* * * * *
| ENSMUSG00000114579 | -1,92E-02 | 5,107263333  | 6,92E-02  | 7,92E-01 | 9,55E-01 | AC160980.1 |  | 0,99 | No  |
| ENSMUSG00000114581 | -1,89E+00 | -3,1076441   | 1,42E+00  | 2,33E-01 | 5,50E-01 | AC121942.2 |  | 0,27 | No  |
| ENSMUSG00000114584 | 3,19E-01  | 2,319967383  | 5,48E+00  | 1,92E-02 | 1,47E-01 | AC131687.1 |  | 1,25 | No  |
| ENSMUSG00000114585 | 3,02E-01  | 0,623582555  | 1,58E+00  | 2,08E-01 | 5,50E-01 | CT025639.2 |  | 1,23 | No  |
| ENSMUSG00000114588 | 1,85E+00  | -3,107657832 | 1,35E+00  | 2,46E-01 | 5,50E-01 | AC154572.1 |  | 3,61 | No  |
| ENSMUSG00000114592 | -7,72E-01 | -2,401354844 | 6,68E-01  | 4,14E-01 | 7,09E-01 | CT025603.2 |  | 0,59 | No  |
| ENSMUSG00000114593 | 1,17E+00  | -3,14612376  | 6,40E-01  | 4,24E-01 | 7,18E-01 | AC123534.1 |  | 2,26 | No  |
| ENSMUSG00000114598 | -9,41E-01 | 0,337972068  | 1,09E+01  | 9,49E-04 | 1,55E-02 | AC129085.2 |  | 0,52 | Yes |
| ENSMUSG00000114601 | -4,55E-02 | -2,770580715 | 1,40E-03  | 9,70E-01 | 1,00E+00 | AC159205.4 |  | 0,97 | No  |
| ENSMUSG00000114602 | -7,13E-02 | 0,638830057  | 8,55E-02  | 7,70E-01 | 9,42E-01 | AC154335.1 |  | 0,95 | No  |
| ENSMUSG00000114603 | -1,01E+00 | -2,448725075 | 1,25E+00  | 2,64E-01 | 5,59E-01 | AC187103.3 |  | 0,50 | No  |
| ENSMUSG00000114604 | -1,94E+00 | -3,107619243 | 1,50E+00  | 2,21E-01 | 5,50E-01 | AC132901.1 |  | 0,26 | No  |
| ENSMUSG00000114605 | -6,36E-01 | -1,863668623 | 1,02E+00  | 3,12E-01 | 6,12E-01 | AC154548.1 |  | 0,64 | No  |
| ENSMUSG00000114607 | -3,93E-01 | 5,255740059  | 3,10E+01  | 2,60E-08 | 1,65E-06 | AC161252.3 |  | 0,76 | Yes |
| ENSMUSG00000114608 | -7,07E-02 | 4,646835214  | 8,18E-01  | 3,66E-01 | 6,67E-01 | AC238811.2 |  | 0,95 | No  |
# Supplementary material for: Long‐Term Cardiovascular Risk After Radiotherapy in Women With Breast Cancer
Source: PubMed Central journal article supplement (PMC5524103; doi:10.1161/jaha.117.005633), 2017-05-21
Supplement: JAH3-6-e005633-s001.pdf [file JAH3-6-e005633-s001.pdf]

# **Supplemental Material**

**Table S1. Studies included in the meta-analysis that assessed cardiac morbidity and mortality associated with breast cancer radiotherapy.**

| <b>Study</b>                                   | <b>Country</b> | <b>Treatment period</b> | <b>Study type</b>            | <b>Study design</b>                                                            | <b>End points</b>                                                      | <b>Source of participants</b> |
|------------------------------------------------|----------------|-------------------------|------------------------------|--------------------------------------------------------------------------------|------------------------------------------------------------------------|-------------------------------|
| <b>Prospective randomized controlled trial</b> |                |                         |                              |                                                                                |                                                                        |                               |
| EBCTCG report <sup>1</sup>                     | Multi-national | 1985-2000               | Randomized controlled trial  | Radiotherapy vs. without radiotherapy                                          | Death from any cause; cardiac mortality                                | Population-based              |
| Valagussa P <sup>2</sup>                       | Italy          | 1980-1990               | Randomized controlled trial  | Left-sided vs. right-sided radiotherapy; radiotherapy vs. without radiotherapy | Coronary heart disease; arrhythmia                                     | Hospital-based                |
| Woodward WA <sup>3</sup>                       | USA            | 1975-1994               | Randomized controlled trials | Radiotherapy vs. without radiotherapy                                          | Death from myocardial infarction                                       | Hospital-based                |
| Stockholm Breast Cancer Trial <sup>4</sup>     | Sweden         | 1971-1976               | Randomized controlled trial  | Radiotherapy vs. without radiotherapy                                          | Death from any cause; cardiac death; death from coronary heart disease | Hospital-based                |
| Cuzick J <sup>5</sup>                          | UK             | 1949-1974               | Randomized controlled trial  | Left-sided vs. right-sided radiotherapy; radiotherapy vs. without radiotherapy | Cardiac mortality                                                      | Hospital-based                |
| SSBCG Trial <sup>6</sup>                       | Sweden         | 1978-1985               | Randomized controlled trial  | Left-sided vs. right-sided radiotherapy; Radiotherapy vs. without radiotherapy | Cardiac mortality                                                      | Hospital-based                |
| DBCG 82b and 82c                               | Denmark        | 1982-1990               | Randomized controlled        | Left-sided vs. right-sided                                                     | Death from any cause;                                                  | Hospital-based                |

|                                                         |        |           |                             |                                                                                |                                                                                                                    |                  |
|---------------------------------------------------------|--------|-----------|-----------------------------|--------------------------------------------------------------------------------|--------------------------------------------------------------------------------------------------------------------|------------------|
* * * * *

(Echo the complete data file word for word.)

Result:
| ENSMUSG00000114579 | -1,92E-02 | 5,107263333  | 6,92E-02  | 7,92E-01 | 9,55E-01 | AC160980.1 |  | 0,99 | No  |
| ENSMUSG00000114581 | -1,89E+00 | -3,1076441   | 1,42E+00  | 2,33E-01 | 5,50E-01 | AC121942.2 |  | 0,27 | No  |
| ENSMUSG00000114584 | 3,19E-01  | 2,319967383  | 5,48E+00  | 1,92E-02 | 1,47E-01 | AC131687.1 |  | 1,25 | No  |
| ENSMUSG00000114585 | 3,02E-01  | 0,623582555  | 1,58E+00  | 2,08E-01 | 5,50E-01 | CT025639.2 |  | 1,23 | No  |
| ENSMUSG00000114588 | 1,85E+00  | -3,107657832 | 1,35E+00  | 2,46E-01 | 5,50E-01 | AC154572.1 |  | 3,61 | No  |
| ENSMUSG00000114592 | -7,72E-01 | -2,401354844 | 6,68E-01  | 4,14E-01 | 7,09E-01 | CT025603.2 |  | 0,59 | No  |
| ENSMUSG00000114593 | 1,17E+00  | -3,14612376  | 6,40E-01  | 4,24E-01 | 7,18E-01 | AC123534.1 |  | 2,26 | No  |
| ENSMUSG00000114598 | -9,41E-01 | 0,337972068  | 1,09E+01  | 9,49E-04 | 1,55E-02 | AC129085.2 |  | 0,52 | Yes |
| ENSMUSG00000114601 | -4,55E-02 | -2,770580715 | 1,40E-03  | 9,70E-01 | 1,00E+00 | AC159205.4 |  | 0,97 | No  |
| ENSMUSG00000114602 | -7,13E-02 | 0,638830057  | 8,55E-02  | 7,70E-01 | 9,42E-01 | AC154335.1 |  | 0,95 | No  |
| ENSMUSG00000114603 | -1,01E+00 | -2,448725075 | 1,25E+00  | 2,64E-01 | 5,59E-01 | AC187103.3 |  | 0,50 | No  |
| ENSMUSG00000114604 | -1,94E+00 | -3,107619243 | 1,50E+00  | 2,21E-01 | 5,50E-01 | AC132901.1 |  | 0,26 | No  |
| ENSMUSG00000114605 | -6,36E-01 | -1,863668623 | 1,02E+00  | 3,12E-01 | 6,12E-01 | AC154548.1 |  | 0,64 | No  |
| ENSMUSG00000114607 | -3,93E-01 | 5,255740059  | 3,10E+01  | 2,60E-08 | 1,65E-06 | AC161252.3 |  | 0,76 | Yes |
| ENSMUSG00000114608 | -7,07E-02 | 4,646835214  | 8,18E-01  | 3,66E-01 | 6,67E-01 | AC238811.2 |  | 0,95 | No  |
# Supplementary material for: Long‐Term Cardiovascular Risk After Radiotherapy in Women With Breast Cancer
Source: PubMed Central journal article supplement (PMC5524103; doi:10.1161/jaha.117.005633), 2017-05-21
Supplement: JAH3-6-e005633-s001.pdf [file JAH3-6-e005633-s001.pdf]

# **Supplemental Material**

**Table S1. Studies included in the meta-analysis that assessed cardiac morbidity and mortality associated with breast cancer radiotherapy.**

| <b>Study</b>                                   | <b>Country</b> | <b>Treatment period</b> | <b>Study type</b>            | <b>Study design</b>                                                            | <b>End points</b>                                                      | <b>Source of participants</b> |
|------------------------------------------------|----------------|-------------------------|------------------------------|--------------------------------------------------------------------------------|------------------------------------------------------------------------|-------------------------------|
| <b>Prospective randomized controlled trial</b> |                |                         |                              |                                                                                |                                                                        |                               |
| EBCTCG report <sup>1</sup>                     | Multi-national | 1985-2000               | Randomized controlled trial  | Radiotherapy vs. without radiotherapy                                          | Death from any cause; cardiac mortality                                | Population-based              |
| Valagussa P <sup>2</sup>                       | Italy          | 1980-1990               | Randomized controlled trial  | Left-sided vs. right-sided radiotherapy; radiotherapy vs. without radiotherapy | Coronary heart disease; arrhythmia                                     | Hospital-based                |
| Woodward WA <sup>3</sup>                       | USA            | 1975-1994               | Randomized controlled trials | Radiotherapy vs. without radiotherapy                                          | Death from myocardial infarction                                       | Hospital-based                |
| Stockholm Breast Cancer Trial <sup>4</sup>     | Sweden         | 1971-1976               | Randomized controlled trial  | Radiotherapy vs. without radiotherapy                                          | Death from any cause; cardiac death; death from coronary heart disease | Hospital-based                |
| Cuzick J <sup>5</sup>                          | UK             | 1949-1974               | Randomized controlled trial  | Left-sided vs. right-sided radiotherapy; radiotherapy vs. without radiotherapy | Cardiac mortality                                                      | Hospital-based                |
| SSBCG Trial <sup>6</sup>                       | Sweden         | 1978-1985               | Randomized controlled trial  | Left-sided vs. right-sided radiotherapy; Radiotherapy vs. without radiotherapy | Cardiac mortality                                                      | Hospital-based                |
| DBCG 82b and 82c                               | Denmark        | 1982-1990               | Randomized controlled        | Left-sided vs. right-sided                                                     | Death from any cause;                                                  | Hospital-based                |

|                                                         |        |           |                             |                                                                                |                                                                                                                    |                  |
|---------------------------------------------------------|--------|-----------|-----------------------------|--------------------------------------------------------------------------------|--------------------------------------------------------------------------------------------------------------------|------------------|